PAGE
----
The industry is moving towards a computing paradigm capable of distributing and subordinating real-time decision making to whatever their nodes «think». Edge Orchestrators enable this decision-making process, facilitating the execution of increasingly complex Machine Learning models in a parallel and distributed manner.
The rise of AI on the Edge
Many industries are increasingly demanding greater speed and autonomy in decision-making to enable them to adapt to increasingly volatile markets. In addition, industrial devices are generating an increasing amount of data, from more diverse, geographically disperse devices and with greater frequency. This need to capture more data, more frequently and make decisions «on the fly» has led to an increase in the computing capacity required near the place where the data is generated, i.e the «Edge» and the development of distributed Artificial Intelligence, also called «Intelligence at the Edge», or «Edge AI».
Some of the main advantages offered by Edge AI are better latencies, optimisation of communication bandwidth, reduction of Cloud service costs and an improved level of security, which is very important in certain critical industries.
For all these reasons, Edge Computing is positioning itself strongly in the industrial sectors. Analysts such as Gartner, IDC and Grand View Research are forecasting annual growth of more than 30%. In fact, traditional cloud computing service providers themselves are beginning to position themselves to offer infrastructure that enables this Edge Computing model.
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Edge Orchestrators and Intelligence Management
Artificial Intelligence is based on the execution of multiple complex algorithms that allow machines to make decisions without the need for human intervention, simply from the data they capture and process. Many of these algorithms can be run close to the source of that data, i.e. at the Edge, as Machine Learning and Artificial Intelligence in general are well suited to a distributed intelligence operating model.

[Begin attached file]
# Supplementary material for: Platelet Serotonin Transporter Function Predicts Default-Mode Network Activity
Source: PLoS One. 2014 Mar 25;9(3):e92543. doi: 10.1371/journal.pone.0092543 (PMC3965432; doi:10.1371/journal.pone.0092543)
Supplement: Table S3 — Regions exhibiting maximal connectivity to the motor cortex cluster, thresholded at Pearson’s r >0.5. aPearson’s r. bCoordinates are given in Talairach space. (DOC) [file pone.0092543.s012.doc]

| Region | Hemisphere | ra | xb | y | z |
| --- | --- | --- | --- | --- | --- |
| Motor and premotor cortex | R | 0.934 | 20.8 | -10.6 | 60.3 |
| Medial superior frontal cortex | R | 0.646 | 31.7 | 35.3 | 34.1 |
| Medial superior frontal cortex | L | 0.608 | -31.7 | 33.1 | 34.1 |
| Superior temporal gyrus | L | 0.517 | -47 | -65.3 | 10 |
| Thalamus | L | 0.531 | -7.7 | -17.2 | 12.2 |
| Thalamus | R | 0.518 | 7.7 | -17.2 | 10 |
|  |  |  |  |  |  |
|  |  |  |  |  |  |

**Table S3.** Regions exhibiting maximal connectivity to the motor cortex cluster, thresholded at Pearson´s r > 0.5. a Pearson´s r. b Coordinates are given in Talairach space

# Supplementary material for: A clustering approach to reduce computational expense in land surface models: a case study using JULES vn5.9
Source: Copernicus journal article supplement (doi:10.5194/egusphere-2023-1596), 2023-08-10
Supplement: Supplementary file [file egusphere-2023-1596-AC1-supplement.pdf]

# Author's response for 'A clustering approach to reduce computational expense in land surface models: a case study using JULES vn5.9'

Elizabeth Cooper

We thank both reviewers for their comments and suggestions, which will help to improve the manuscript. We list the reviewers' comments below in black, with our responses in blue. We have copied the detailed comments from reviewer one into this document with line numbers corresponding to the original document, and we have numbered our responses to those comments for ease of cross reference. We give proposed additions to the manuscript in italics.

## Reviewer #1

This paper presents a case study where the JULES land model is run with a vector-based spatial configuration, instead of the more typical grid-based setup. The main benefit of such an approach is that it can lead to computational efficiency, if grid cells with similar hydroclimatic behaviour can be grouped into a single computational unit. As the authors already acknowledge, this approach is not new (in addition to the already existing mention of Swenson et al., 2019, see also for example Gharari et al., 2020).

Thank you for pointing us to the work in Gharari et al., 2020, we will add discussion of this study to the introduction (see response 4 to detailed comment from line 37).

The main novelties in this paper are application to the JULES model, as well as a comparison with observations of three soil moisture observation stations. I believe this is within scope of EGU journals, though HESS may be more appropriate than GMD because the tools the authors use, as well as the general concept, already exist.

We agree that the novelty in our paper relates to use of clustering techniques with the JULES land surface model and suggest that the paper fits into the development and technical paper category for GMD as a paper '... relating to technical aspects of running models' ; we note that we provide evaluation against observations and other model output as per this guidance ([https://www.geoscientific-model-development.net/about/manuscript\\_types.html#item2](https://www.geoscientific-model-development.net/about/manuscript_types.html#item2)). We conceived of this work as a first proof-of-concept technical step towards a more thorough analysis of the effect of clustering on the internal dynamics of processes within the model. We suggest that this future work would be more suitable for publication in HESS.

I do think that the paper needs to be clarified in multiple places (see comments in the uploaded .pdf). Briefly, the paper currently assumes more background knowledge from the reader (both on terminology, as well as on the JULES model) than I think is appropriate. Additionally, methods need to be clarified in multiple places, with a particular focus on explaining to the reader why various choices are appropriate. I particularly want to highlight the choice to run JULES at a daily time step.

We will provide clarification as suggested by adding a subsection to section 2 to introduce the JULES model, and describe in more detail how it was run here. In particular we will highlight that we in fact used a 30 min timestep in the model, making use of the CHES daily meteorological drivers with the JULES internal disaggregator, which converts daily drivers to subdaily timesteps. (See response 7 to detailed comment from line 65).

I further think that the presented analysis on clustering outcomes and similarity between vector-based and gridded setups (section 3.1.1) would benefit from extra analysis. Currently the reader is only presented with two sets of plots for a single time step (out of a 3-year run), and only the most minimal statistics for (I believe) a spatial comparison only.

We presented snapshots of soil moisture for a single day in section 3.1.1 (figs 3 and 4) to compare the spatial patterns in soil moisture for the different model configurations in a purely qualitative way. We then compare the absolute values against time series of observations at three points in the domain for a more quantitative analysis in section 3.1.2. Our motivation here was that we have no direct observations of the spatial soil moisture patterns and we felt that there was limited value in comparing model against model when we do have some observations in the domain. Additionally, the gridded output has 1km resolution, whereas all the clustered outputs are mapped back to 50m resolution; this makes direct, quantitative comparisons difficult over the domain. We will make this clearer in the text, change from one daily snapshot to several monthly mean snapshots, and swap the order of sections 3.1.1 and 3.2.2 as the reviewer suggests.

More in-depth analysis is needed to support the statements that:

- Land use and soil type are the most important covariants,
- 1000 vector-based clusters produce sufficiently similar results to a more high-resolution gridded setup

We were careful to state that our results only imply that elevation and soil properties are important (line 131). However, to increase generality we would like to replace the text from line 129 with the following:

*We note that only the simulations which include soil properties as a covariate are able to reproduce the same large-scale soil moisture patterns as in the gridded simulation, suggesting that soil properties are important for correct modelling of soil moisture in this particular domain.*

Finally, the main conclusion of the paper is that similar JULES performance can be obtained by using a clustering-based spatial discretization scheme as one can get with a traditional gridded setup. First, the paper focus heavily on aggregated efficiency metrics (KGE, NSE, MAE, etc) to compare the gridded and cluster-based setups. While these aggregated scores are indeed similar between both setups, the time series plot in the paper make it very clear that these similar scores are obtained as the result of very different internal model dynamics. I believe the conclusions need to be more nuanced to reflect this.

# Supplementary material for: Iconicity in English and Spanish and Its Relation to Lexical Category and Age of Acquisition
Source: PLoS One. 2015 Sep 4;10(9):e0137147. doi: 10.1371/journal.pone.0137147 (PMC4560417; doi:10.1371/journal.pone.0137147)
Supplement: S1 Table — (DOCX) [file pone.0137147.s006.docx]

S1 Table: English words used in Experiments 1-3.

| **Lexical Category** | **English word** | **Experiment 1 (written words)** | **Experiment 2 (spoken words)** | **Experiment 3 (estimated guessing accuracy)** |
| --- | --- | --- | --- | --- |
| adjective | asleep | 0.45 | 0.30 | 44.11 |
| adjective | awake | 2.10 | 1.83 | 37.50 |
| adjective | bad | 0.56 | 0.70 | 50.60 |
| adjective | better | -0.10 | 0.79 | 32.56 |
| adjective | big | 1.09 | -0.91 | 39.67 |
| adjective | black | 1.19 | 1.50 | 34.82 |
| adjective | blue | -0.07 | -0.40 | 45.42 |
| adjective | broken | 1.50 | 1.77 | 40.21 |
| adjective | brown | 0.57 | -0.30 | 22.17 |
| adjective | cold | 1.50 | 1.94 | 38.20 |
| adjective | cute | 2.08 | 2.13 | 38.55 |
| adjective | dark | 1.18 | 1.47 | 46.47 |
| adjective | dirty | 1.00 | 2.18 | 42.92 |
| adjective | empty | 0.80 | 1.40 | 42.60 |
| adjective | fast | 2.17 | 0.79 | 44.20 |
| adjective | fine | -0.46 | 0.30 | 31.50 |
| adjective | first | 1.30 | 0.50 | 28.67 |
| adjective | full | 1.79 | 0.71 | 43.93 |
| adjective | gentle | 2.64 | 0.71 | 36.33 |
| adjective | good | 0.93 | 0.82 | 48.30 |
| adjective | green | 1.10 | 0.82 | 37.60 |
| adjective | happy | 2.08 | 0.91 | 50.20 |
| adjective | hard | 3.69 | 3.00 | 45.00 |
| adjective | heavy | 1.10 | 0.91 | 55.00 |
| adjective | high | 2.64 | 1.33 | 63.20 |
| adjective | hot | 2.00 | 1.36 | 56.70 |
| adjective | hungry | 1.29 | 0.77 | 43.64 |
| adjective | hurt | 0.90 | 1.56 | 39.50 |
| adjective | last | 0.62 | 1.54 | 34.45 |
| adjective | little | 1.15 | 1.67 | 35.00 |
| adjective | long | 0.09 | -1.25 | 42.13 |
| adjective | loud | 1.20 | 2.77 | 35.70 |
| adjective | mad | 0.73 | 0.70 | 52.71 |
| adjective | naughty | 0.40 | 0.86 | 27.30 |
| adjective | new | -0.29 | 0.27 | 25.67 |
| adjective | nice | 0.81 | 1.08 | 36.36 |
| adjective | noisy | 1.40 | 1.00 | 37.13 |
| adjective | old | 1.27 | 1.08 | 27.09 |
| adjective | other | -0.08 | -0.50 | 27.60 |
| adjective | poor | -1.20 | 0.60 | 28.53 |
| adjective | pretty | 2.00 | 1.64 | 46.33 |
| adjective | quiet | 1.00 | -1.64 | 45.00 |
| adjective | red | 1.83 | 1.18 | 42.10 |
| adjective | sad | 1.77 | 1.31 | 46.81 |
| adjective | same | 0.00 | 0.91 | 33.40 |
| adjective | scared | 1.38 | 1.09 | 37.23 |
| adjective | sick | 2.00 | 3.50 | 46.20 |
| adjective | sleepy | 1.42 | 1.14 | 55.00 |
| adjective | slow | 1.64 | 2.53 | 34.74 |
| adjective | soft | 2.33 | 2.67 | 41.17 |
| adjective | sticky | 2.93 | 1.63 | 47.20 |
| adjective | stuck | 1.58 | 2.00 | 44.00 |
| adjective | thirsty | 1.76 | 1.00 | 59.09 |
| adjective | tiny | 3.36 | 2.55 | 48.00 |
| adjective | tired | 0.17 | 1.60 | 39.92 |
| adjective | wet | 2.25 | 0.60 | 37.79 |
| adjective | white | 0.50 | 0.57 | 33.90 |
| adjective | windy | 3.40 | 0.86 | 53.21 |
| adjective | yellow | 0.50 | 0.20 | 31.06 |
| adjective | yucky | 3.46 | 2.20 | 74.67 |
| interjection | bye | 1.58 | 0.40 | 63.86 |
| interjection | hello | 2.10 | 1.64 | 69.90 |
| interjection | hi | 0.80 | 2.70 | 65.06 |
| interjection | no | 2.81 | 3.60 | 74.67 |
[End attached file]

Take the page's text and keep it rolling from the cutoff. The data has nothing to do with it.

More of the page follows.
However, running AI on end devices can be challenging, as they often have limited processing capabilities. Therefore, the need arises to use powerful devices or to efficiently manage their hardware resources through lightweight software that allows the execution of these algorithms without overloading the system. This is especially important if we consider that on many occasions there will be several algorithms running in parallel, each of them possibly with different origins and authors and based on various technologies.
On the other hand, these algorithms often use many data analytics and machine learning libraries that must be available in the system in order not to cause compatibility issues. In addition, these algorithms represent the core business of many companies, so it is vital to protect that intellectual property, typically by obfuscating or encrypting the algorithms both in transit and when they are running on the Edge Nodes. These algorithms often evolve over time, so it is also necessary to manage their versions in a centralized way.
To solve all these problems, some companies such as Barbara, are starting to offer so-called Edge Application Orchestrators, or simply Edge Orchestrators.